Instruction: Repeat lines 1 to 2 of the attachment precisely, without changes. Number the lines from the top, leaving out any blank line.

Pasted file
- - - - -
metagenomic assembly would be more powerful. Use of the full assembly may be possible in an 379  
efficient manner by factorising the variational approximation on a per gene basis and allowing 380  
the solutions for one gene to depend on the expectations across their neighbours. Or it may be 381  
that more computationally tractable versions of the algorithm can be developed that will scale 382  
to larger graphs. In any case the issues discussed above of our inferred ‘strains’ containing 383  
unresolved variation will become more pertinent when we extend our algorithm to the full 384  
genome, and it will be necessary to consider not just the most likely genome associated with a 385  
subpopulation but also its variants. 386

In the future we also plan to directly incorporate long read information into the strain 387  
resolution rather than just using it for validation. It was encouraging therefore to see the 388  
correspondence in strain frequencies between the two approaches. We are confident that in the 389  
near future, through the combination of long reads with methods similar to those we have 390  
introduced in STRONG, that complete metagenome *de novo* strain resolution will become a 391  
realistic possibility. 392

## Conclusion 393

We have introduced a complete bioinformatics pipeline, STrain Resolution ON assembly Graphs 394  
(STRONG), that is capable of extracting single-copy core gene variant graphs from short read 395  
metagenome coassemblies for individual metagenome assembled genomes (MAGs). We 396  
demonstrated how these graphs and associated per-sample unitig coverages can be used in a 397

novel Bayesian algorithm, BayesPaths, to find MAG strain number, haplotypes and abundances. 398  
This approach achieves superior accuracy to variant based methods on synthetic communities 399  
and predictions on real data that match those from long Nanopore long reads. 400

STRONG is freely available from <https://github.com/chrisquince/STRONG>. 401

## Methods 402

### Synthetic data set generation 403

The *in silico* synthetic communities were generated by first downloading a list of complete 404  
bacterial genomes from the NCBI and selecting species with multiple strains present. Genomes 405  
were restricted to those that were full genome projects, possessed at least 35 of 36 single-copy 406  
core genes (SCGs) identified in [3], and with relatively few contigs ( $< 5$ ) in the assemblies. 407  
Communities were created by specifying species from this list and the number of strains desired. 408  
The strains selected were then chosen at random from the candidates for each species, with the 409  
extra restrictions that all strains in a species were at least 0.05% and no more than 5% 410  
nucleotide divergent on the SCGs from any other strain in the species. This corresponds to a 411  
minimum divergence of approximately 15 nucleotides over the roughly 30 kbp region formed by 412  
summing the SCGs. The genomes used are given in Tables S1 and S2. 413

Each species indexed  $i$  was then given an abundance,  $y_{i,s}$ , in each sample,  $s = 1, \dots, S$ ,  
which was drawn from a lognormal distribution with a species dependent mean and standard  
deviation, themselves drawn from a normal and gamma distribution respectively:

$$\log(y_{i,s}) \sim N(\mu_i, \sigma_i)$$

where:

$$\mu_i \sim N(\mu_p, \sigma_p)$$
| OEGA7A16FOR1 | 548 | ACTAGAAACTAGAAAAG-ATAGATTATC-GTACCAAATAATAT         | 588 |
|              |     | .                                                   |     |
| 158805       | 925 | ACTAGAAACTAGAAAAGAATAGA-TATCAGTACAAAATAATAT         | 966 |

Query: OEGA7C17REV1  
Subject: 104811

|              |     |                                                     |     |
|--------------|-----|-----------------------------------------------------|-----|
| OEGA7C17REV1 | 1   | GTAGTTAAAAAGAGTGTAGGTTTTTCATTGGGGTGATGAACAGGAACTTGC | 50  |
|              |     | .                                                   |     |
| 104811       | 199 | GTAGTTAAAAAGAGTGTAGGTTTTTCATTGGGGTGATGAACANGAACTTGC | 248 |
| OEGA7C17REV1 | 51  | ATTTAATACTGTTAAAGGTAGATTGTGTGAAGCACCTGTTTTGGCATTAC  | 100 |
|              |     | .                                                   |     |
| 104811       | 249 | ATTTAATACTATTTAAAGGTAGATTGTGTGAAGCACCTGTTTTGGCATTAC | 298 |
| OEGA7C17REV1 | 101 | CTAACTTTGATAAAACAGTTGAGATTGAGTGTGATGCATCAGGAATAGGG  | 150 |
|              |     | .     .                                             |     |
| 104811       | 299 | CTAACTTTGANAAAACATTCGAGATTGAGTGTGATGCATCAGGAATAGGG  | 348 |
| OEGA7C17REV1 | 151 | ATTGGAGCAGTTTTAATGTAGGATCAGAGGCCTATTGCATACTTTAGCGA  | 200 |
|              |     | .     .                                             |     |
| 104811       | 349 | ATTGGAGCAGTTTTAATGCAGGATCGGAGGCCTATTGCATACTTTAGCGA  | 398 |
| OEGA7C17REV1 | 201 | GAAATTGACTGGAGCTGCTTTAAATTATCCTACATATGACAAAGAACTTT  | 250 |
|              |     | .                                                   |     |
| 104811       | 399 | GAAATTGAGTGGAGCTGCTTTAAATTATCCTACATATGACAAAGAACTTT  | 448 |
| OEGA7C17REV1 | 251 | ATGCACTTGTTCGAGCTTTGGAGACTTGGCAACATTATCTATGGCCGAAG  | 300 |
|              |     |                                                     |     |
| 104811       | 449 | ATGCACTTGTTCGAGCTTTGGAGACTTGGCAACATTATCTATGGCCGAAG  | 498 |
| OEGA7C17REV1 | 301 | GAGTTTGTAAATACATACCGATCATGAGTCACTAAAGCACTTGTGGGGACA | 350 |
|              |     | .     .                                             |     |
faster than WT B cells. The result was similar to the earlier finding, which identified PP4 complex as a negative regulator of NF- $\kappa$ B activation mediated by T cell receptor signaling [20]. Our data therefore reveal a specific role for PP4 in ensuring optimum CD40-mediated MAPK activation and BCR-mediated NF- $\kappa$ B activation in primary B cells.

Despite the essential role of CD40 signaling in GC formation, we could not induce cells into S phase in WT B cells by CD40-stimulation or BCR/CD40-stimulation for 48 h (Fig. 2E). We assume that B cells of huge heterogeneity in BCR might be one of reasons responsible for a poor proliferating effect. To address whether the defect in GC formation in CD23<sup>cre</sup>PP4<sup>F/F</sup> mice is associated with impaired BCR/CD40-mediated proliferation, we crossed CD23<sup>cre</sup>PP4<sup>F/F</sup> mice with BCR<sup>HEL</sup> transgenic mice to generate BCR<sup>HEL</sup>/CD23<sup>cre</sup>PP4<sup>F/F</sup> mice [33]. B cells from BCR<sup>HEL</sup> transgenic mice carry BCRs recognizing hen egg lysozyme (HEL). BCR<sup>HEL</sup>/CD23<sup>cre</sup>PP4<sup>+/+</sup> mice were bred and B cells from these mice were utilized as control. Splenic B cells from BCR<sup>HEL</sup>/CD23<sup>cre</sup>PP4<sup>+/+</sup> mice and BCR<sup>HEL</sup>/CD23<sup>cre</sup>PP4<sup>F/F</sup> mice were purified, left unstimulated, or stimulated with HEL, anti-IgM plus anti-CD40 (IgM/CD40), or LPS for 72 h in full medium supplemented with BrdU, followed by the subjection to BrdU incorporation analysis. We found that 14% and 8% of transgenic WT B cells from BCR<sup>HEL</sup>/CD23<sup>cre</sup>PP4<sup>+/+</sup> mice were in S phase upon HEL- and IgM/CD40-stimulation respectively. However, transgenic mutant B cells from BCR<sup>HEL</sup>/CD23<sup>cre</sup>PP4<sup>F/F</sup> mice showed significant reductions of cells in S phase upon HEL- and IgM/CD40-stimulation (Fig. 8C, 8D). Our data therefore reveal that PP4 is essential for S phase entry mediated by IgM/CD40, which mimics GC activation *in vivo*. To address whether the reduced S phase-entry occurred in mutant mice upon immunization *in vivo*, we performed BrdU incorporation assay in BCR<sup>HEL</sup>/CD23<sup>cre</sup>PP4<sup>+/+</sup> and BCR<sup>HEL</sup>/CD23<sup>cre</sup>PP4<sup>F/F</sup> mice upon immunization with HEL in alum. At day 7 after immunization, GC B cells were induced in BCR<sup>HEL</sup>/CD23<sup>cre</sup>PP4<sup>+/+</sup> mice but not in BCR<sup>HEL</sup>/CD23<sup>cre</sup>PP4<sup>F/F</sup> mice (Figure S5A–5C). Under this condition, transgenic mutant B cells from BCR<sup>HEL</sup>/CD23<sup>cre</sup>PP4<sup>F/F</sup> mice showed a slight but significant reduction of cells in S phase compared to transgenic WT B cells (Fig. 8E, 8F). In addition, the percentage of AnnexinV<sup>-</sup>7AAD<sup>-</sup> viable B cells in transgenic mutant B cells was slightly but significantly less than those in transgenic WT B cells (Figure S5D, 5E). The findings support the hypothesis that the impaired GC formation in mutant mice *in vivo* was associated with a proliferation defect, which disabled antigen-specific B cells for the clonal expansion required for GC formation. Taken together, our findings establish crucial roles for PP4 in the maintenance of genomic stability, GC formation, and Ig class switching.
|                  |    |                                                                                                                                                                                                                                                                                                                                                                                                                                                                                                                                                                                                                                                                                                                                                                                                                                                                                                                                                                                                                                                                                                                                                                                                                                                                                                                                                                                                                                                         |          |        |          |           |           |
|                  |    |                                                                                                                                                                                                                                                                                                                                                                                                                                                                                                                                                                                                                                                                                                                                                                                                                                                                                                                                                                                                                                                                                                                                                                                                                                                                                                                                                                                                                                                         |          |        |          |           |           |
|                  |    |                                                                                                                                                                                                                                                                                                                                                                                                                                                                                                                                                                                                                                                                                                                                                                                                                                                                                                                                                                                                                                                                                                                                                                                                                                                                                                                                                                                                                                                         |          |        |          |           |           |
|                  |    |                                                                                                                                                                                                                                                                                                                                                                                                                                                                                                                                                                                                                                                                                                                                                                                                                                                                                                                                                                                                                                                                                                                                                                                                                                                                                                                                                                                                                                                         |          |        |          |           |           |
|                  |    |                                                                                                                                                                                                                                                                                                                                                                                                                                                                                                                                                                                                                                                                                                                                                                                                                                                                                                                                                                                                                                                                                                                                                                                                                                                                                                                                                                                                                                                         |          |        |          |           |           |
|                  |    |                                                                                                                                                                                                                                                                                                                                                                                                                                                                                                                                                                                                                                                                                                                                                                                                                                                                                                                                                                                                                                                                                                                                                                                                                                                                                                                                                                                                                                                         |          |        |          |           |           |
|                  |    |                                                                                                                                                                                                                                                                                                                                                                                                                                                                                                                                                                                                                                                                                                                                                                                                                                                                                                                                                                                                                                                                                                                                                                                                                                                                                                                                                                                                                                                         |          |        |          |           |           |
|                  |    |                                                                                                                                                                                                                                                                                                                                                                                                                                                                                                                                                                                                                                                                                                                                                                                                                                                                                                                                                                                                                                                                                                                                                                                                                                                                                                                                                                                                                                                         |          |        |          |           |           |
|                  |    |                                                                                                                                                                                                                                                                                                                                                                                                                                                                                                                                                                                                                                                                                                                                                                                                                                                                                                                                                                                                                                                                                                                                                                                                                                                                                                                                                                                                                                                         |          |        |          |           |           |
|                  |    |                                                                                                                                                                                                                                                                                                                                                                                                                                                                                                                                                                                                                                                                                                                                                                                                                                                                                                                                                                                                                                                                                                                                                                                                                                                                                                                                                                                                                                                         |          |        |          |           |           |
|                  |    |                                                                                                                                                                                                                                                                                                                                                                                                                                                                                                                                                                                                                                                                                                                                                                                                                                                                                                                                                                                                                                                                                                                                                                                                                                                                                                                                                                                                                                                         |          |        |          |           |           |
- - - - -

metagenomic assembly would be more powerful. Use of the full assembly may be possible in an 379  
efficient manner by factorising the variational approximation on a per gene basis and allowing 380  